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Excerpted from The Ecstatic Journey by Sophy Burnham. Copyright 1999 by Sophy Burnham. Excerpted by permission of Ballantine, a division of Random House, Inc. All rights reserved. No part of this excerpt may be reproduced or reprinted without permission in writing from the publisher.  HTML and web pages copyright by SpiritSite.com.
 


"Saying the rosary becomes a meditation, or repeating over and over with absolute attention the Pilgrims' Prayer: 'Lord Jesus Christ, Son of God, have mercy on me.'"

Sophy Burnham, The Ecstatic Journey, Part 4

Something happens in meditation, something so subtle and elegant that the great teachers and Zen masters and rabbis, the true Masters, are too clever to try to describe it. Was it this that Christ was teaching to his twelve?

Plato called the mystery of meditation theoria. Early Christians called it contemplatio.

Once the Buddha was asked, "Is there God?"

"I will not tell you," he answered. "But, if you wish, I can show you how to find out for yourself." Then he taught the gift of meditation.

The Buddha, the Compassionate One, understood how easily we become dependent on others, asking them to do the work for us. Unlike Christ, he refused to heal the sick.

"I will not make you well," he would say to the leper, the blind man, "but I can show you how to heal yourself." Then he would teach the seeker how to meditate.

Some learned. Others went away irritated that the Compassionate One would not hand them healing or wisdom or love the easy way.

Sages tell us that meditation confers three gifts. First, it brings deep peace and tranquility of mind. Second, it brings clear intuition, wisdom, and insight. Third, if it is pursued with constancy and devotion, it leads to the direct experience of God. Some people claim meditation does no more than transport us to our own interior and highest self, and others that it opens a doorway through which the Beloved comes. All we know is the love and power it confers.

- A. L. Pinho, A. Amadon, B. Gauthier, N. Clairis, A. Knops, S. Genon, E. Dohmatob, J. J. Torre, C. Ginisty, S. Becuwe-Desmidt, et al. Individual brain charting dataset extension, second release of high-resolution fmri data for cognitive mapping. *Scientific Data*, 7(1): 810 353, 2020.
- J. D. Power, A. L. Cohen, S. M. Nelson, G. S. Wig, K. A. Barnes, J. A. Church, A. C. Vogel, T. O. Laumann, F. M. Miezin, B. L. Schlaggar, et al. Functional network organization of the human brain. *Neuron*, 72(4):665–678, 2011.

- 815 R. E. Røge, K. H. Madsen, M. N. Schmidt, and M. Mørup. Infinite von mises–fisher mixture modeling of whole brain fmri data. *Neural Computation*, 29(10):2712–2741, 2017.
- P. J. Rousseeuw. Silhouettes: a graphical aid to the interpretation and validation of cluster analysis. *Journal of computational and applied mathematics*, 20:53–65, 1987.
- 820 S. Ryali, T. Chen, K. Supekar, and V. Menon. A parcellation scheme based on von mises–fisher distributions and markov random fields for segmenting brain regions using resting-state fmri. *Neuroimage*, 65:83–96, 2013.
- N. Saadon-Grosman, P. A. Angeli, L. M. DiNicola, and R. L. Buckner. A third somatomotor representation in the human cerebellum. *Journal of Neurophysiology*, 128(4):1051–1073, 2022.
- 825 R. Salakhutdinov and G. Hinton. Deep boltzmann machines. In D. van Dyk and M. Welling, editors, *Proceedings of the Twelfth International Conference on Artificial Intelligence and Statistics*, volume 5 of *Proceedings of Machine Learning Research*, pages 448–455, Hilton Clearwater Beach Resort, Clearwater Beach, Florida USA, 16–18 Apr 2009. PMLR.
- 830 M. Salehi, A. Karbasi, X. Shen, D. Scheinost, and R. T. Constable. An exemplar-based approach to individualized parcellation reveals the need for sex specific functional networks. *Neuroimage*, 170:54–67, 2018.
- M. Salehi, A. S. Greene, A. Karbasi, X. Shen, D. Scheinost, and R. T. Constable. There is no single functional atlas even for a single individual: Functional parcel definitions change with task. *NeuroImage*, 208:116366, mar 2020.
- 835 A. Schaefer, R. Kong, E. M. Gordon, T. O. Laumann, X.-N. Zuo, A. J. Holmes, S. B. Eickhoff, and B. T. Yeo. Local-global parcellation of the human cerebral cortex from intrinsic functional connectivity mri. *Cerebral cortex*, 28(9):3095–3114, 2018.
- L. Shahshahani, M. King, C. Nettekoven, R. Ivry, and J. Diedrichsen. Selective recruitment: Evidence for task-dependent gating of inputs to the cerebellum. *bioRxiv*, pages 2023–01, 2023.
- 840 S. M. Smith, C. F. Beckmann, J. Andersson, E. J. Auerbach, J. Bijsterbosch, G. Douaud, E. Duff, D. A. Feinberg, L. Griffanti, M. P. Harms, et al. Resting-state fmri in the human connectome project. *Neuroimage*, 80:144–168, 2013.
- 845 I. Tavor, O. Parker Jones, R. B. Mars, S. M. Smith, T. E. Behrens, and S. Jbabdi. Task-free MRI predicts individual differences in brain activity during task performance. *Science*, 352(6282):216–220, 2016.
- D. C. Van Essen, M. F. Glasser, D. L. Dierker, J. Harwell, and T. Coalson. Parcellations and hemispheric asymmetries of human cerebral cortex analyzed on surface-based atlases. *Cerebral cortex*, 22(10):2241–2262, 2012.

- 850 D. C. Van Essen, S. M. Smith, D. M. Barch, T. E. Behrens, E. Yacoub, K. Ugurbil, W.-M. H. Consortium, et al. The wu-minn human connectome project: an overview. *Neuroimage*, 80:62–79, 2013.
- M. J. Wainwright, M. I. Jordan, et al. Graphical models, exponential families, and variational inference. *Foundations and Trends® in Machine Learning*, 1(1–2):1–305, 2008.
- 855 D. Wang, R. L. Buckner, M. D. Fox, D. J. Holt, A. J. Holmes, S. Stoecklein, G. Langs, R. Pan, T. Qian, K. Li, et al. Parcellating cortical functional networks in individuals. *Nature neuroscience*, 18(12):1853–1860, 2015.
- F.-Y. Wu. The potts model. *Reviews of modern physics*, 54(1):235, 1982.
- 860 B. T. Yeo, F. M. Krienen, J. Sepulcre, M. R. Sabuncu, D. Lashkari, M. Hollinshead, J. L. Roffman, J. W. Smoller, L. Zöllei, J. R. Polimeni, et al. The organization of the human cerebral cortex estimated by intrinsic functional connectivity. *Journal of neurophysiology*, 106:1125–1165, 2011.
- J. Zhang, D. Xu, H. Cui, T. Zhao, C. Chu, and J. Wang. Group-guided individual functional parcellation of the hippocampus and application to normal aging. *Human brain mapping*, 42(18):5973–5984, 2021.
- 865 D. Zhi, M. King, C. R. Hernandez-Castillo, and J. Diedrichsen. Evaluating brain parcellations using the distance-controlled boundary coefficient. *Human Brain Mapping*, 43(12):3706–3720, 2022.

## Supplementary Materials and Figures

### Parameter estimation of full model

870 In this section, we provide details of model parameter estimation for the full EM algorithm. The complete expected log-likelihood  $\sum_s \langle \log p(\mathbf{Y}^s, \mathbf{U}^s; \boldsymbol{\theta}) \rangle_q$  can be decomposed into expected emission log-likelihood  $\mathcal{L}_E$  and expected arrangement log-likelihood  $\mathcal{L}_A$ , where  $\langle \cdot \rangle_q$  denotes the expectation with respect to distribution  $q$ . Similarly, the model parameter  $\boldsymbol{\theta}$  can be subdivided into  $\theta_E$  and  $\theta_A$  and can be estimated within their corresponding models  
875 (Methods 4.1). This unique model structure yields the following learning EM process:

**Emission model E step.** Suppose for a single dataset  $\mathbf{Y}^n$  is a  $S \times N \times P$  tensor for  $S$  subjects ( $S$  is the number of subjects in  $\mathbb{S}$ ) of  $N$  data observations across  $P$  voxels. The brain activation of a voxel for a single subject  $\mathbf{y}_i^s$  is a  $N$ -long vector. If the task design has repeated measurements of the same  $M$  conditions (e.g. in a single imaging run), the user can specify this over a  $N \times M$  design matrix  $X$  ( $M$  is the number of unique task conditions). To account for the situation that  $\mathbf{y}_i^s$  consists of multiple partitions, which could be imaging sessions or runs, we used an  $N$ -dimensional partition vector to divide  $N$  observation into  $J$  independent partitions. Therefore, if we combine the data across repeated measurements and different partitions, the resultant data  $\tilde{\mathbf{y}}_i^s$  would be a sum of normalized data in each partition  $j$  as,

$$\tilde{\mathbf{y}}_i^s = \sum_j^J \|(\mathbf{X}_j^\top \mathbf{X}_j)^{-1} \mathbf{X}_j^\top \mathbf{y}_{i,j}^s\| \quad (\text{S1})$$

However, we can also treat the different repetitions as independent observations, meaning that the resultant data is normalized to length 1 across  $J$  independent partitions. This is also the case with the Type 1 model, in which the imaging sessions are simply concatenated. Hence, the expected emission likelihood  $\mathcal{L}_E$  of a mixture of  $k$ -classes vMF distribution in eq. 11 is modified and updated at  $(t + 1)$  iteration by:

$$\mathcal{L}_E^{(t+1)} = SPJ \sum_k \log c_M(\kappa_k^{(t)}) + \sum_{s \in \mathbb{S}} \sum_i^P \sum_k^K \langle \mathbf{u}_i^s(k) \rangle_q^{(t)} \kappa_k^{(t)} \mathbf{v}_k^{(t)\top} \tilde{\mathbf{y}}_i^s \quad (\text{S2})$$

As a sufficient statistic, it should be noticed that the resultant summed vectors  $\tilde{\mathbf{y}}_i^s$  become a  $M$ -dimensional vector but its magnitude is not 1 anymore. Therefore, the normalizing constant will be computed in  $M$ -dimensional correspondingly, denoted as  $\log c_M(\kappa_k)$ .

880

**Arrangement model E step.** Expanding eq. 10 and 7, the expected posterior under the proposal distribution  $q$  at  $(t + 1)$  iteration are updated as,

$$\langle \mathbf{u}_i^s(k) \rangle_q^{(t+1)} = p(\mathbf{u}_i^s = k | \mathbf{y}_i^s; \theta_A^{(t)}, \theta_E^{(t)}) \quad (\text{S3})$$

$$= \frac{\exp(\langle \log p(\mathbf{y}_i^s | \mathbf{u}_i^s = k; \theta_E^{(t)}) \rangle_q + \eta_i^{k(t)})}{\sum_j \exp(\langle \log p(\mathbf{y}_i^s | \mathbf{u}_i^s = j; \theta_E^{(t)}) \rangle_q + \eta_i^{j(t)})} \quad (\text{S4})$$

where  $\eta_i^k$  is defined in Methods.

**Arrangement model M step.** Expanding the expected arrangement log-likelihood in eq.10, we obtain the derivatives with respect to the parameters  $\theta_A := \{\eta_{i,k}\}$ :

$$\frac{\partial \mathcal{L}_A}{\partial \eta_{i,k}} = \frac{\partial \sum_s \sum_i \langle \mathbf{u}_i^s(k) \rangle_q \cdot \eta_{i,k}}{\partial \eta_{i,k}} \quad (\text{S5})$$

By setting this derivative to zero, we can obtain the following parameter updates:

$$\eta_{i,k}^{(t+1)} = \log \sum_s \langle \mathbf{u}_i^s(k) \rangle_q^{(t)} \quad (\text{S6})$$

There are various ways to meditate. Each system is designed to break sense-contact with the outer world and especially to stop the shrieking voices in our heads, the constant, taunting inner chatter. Whatever the system in whatever religion, meditation is always done by total concentration on one repetitive act. Perhaps you place your attention on your nostrils, watching your breath pass in and out, each breath as unique as a snowflake. Or perhaps you repeat a mantra, of which the best known is the Tibetan Buddhist Om mani padme hum, the mantra of compassion. Or the mantra is a Christian prayer. Saying the rosary becomes a meditation, or repeating over and over with absolute attention the Pilgrims' Prayer: "Lord Jesus Christ, Son of God, have mercy on me." Weeding the garden may become a meditation, or knitting, cooking, eating, walking, painting--doing whatever you are doing, so long as you do it alertly, with absolute attention, watching each movement of your hands or feet or breath.

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